Another myth is that you have to take the medication for life. Typical antidepressant treatment lasts 6 to 12 months in people who have had only a single episode of major depression. However, you may need longer treatment if you have had multiple depressions in your life. Even if you've heard that antidepressants cause physical dependence, that's not true. Nevertheless, unpleasant symptoms can occur if you suddenly stop taking it.

What are the advantages of psychotherapy?

According to studies, antidepressants and "talk therapy" are often the most effective ways to treat depression. Types of therapy include cognitive-behavioral therapy, which focuses on changing negative thoughts and behaviors, and interpersonal psychotherapy, which focuses on your relationships with others.

Depression and exercise

Exercise releases endorphins. Endorphins are the chemicals associated with improved mood and elimination of depression. Several studies suggest that regular exercise is an effective treatment for mild to moderate depression. Group training or training with a partner can also be helpful.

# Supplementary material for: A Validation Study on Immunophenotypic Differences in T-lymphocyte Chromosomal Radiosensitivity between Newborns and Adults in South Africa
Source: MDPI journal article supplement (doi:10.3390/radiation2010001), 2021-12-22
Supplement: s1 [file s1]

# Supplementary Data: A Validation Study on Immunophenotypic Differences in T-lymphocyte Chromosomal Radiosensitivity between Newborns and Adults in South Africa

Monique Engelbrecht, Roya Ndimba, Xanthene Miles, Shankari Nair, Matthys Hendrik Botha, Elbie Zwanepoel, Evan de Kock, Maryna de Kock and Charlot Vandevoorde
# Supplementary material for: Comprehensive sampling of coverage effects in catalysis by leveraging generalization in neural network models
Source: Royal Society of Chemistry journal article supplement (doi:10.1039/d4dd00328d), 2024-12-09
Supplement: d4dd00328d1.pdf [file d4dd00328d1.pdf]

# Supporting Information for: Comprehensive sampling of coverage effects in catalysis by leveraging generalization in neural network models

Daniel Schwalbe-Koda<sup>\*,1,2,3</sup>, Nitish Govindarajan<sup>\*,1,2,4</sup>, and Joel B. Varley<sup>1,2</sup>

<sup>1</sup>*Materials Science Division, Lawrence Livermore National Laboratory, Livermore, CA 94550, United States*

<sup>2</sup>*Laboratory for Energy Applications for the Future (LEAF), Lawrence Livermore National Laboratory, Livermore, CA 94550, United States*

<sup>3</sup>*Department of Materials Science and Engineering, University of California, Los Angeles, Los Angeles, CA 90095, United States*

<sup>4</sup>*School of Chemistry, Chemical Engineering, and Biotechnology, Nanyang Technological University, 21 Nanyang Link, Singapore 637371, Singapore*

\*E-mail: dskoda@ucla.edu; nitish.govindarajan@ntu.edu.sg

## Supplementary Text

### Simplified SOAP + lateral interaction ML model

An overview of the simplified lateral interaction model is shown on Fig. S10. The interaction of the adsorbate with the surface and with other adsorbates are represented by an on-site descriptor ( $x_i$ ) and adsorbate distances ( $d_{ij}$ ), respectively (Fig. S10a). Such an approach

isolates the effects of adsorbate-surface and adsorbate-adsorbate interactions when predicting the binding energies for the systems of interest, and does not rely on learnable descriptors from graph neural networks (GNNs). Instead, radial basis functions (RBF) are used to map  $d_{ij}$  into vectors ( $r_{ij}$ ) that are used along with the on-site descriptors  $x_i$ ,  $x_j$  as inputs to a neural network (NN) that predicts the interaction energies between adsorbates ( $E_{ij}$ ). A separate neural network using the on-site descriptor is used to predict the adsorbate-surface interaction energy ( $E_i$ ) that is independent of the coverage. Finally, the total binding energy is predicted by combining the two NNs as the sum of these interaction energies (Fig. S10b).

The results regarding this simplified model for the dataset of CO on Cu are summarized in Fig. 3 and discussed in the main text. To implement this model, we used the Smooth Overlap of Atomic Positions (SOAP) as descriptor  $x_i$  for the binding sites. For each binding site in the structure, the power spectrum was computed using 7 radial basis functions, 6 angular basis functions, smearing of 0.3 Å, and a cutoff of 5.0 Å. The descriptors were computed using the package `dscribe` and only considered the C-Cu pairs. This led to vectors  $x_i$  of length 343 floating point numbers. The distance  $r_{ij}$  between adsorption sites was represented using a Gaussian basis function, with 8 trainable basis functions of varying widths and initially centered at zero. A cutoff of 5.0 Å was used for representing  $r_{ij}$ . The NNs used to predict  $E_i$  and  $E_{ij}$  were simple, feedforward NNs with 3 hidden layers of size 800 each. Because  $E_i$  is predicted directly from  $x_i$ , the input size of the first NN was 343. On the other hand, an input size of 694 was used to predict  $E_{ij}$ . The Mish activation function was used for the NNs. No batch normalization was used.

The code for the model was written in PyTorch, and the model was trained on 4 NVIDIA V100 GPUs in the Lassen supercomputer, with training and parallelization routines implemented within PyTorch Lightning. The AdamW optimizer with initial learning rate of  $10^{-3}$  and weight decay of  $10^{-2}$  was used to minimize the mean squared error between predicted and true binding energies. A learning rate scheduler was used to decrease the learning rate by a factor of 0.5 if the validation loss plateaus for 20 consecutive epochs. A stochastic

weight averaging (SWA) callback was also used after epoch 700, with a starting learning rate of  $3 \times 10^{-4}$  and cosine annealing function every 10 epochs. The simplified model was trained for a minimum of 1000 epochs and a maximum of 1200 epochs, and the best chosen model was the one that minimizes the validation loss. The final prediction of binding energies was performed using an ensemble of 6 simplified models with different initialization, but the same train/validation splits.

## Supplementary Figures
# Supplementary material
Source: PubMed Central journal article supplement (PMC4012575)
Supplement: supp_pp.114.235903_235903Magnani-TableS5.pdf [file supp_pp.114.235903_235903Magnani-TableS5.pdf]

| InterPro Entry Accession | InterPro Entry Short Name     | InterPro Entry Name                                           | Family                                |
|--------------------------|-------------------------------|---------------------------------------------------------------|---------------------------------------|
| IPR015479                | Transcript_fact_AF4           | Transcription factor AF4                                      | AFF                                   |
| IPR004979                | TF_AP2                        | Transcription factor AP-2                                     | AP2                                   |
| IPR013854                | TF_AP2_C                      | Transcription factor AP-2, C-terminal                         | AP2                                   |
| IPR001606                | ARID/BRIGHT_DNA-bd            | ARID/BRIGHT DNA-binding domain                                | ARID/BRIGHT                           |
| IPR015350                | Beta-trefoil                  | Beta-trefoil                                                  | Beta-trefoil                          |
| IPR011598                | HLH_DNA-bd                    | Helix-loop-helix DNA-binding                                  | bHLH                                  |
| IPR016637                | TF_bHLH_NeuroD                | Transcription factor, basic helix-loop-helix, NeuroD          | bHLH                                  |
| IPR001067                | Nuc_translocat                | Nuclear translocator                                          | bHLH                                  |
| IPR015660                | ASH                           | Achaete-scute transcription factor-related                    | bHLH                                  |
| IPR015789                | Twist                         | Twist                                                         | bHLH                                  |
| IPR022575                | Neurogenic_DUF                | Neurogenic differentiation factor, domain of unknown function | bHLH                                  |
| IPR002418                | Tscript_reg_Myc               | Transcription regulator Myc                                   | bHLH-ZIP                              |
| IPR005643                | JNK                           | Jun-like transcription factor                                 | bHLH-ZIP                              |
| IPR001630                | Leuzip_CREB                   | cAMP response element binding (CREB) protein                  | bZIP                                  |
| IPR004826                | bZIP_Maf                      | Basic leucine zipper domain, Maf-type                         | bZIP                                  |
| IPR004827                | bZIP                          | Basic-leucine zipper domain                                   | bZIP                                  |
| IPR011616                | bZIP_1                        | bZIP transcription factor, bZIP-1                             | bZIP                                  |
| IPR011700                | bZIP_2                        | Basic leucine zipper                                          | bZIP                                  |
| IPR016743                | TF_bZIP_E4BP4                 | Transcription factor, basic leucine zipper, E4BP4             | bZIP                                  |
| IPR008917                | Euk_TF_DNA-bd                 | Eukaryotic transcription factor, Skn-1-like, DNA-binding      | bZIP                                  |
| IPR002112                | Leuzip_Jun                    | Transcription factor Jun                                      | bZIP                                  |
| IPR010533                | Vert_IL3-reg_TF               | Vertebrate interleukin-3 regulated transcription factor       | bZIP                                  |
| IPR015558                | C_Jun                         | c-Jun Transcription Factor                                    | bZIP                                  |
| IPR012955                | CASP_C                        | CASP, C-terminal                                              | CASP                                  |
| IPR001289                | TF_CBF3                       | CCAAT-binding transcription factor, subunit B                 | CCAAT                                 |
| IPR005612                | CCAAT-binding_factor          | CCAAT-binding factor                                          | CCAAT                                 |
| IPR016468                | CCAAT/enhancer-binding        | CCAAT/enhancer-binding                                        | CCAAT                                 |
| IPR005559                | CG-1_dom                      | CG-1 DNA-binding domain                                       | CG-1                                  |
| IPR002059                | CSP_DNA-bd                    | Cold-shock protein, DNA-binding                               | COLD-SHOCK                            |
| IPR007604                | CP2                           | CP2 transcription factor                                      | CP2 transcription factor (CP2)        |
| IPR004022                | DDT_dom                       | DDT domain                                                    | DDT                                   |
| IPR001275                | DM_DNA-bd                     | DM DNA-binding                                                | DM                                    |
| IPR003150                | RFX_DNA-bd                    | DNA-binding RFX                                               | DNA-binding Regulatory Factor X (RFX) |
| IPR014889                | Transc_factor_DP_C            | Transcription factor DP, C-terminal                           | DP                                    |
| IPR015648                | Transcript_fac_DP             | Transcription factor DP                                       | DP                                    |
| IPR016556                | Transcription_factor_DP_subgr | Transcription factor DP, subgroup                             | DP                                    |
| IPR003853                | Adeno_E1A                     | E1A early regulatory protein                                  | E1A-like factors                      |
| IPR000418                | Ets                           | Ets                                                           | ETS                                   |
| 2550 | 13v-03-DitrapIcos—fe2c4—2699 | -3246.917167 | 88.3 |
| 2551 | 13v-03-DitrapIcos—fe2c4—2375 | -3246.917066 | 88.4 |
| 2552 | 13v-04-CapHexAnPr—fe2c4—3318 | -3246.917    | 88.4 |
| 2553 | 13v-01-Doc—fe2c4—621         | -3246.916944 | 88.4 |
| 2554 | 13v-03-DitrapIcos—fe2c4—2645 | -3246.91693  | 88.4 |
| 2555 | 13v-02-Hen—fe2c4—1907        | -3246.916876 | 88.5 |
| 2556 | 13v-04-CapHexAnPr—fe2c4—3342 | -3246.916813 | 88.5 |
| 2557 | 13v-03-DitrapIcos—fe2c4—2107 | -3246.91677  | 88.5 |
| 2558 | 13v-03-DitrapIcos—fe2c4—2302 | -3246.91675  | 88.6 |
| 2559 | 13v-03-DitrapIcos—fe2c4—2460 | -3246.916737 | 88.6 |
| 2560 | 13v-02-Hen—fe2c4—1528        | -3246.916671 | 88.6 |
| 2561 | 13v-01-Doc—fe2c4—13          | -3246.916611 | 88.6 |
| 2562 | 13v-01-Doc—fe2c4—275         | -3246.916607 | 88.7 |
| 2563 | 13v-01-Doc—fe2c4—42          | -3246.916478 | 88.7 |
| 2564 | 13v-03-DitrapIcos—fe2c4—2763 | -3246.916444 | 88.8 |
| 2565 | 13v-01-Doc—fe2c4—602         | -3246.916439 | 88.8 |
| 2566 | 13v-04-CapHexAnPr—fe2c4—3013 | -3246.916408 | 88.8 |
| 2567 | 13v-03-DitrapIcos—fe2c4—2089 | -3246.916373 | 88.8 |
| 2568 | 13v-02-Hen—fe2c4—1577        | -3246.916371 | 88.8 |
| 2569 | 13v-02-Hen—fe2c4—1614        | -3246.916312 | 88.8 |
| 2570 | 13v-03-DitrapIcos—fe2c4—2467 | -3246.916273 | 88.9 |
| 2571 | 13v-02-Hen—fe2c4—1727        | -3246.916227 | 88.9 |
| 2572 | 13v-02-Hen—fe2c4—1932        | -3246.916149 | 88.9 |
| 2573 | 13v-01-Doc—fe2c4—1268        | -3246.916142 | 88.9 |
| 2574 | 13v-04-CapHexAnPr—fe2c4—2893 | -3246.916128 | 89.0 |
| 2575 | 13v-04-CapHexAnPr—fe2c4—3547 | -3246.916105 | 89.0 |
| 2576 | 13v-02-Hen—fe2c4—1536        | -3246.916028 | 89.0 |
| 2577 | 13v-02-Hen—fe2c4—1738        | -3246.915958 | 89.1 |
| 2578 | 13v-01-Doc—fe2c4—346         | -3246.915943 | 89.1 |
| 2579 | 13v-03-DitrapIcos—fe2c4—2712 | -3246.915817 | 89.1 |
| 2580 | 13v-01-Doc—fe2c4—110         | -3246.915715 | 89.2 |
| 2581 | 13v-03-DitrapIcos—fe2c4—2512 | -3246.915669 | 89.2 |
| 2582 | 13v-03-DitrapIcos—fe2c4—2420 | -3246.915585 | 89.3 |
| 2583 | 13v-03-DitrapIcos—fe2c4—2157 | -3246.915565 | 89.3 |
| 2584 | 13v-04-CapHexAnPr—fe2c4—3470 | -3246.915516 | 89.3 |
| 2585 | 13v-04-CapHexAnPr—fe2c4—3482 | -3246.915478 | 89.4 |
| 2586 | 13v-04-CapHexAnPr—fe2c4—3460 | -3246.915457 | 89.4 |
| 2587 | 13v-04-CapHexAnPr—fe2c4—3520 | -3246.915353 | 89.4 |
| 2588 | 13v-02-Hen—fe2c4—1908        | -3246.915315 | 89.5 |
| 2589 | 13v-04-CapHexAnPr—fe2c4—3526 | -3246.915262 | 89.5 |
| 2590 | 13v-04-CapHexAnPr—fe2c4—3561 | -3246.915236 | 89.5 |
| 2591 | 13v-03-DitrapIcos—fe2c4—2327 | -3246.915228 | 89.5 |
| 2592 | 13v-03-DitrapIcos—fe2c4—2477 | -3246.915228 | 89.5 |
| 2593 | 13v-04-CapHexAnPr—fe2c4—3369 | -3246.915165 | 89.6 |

How do you stop taking an antidepressant?

Your doctor will help you determine the right time to taper off an antidepressant. Stopping suddenly can cause withdrawal symptoms (such as headaches, nausea, dizziness, fatigue) or even a relapse. These withdrawal symptoms can last up to 2 weeks. Work with your doctor to gradually stop taking your medicine.

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Last updated on 24.05.2022